Tissue Doppler Imaging
As we saw in Chapter 4, the principles of Doppler imaging can be used not only to assess blood flow but also to assess the movement of the myocardium. This is known as tissue Doppler imaging (TDI). The Doppler signals returning from myocardium are distinct from signals from blood (myocardial motion generates a stronger but lower-velocity signal) and so can be selected with appropriate filtering. The resulting signals can be displayed as colour Doppler images to show myocardial motion or as spectral pulsed-wave Doppler traces to assess motion in specific myocardial regions.
TDI provides valuable information on myocardial mechanics. It does however have certain limitations. Like all Doppler techniques, TDI is heavily angle dependent in that it can only measure motion parallel to the direction of the ultrasound beam. Furthermore, TDI is unable to distinguish between active motion (i.e. myocardial contraction/relaxation) and passive motion (where a region of myocardium is ‘pulled’ by an adjacent segment). The alternative technique of speckle tracking overcomes these limitations and is discussed in detail in Chapter 11.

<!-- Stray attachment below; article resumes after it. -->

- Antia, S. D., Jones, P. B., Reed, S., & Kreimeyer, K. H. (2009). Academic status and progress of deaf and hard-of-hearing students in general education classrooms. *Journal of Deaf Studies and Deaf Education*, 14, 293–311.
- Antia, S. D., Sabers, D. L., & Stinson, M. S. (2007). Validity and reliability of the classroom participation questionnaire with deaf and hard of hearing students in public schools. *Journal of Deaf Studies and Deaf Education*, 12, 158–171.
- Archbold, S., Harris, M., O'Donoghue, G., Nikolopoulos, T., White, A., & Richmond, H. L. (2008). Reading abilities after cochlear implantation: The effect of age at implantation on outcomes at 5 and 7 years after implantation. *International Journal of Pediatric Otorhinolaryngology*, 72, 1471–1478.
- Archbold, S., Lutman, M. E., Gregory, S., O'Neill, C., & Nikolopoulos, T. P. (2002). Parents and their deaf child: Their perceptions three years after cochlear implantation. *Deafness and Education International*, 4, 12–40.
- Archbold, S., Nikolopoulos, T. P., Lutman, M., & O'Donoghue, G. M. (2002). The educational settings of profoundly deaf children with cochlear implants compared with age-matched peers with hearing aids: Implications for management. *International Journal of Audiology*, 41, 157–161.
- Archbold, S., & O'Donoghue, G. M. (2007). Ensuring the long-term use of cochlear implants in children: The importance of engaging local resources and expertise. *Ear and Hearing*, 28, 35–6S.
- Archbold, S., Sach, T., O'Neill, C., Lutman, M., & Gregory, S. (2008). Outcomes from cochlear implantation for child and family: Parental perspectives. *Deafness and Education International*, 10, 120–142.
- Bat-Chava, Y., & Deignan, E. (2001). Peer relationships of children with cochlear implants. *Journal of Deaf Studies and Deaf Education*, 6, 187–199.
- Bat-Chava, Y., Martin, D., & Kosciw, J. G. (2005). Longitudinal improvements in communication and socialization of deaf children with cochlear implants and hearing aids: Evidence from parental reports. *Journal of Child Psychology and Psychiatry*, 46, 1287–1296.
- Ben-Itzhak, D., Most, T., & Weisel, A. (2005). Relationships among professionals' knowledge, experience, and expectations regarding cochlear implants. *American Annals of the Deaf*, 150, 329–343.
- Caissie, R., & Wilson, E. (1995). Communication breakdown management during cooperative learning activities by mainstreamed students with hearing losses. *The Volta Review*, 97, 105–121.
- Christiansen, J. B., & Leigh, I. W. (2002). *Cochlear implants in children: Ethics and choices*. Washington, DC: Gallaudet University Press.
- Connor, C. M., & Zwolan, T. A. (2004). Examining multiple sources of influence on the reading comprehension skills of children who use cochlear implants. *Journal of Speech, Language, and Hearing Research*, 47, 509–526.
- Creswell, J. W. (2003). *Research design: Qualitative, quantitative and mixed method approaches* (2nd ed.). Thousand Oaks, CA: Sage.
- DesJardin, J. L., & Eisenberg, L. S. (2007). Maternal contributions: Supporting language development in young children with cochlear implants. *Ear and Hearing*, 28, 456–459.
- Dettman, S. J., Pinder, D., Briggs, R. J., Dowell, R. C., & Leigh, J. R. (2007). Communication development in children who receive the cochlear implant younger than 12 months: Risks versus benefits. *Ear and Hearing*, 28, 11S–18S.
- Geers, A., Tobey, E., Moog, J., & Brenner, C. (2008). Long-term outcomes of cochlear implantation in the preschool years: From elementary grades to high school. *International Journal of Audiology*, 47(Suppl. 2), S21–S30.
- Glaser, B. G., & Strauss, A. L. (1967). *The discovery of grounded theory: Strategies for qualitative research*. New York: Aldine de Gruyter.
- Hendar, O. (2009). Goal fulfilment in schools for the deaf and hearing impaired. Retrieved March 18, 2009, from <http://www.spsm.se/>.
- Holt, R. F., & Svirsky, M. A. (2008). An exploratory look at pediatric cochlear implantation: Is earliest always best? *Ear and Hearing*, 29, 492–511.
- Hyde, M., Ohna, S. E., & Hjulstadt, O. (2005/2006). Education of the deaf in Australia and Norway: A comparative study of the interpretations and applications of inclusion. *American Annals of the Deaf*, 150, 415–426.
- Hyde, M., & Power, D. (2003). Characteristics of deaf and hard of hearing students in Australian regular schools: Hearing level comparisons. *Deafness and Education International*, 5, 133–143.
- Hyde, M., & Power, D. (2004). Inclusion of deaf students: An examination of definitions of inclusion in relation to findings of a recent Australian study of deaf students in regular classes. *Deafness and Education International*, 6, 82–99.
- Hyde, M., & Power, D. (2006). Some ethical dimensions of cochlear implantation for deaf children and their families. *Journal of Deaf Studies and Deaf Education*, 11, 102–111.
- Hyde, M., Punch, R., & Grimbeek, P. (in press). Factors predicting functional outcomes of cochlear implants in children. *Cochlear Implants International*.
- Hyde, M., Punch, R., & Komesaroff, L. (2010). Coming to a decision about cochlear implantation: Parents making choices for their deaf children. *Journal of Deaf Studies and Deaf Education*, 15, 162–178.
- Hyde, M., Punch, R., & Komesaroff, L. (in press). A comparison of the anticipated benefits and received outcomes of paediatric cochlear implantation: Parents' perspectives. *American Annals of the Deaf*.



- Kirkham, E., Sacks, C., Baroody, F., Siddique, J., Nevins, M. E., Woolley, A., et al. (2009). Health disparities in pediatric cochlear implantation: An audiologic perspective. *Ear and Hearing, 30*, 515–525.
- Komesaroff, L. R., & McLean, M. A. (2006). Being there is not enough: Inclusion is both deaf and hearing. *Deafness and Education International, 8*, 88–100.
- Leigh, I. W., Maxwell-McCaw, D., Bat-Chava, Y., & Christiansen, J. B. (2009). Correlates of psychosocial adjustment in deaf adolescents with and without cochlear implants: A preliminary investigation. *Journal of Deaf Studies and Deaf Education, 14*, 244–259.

Pulsed-wave TDI permits the measurement of myocardial velocity in a specific region. To perform pulsed-wave TDI, the sonographer places the sample volume in the region of interest. In the assessment of left ventricular (LV) longitudinal contraction, the sample volume is placed in the myocardium within 1 cm of the mitral valve annulus, either medially (septally) or laterally, in the apical 4-chamber view (Fig. 10.1). In each location a pulsed-wave TDI recording is made using a low gain setting and an aliasing velocity 15-20 cm/s.
The resultant pulsed-wave TDI recording (Fig. 10.2) shows a mitral annular velocity towards the transducer which corresponds to the annular myocardium moving towards the apex as the LV contracts longitudinally during systole (Sm or S′). This is followed by an early myocardial velocity (Em or E′) which corresponds to early diastolic relaxation, the myocardium moving away from the transducer, and finally by a further movement away from the transducer, corresponding to atrial contraction (Am or A′).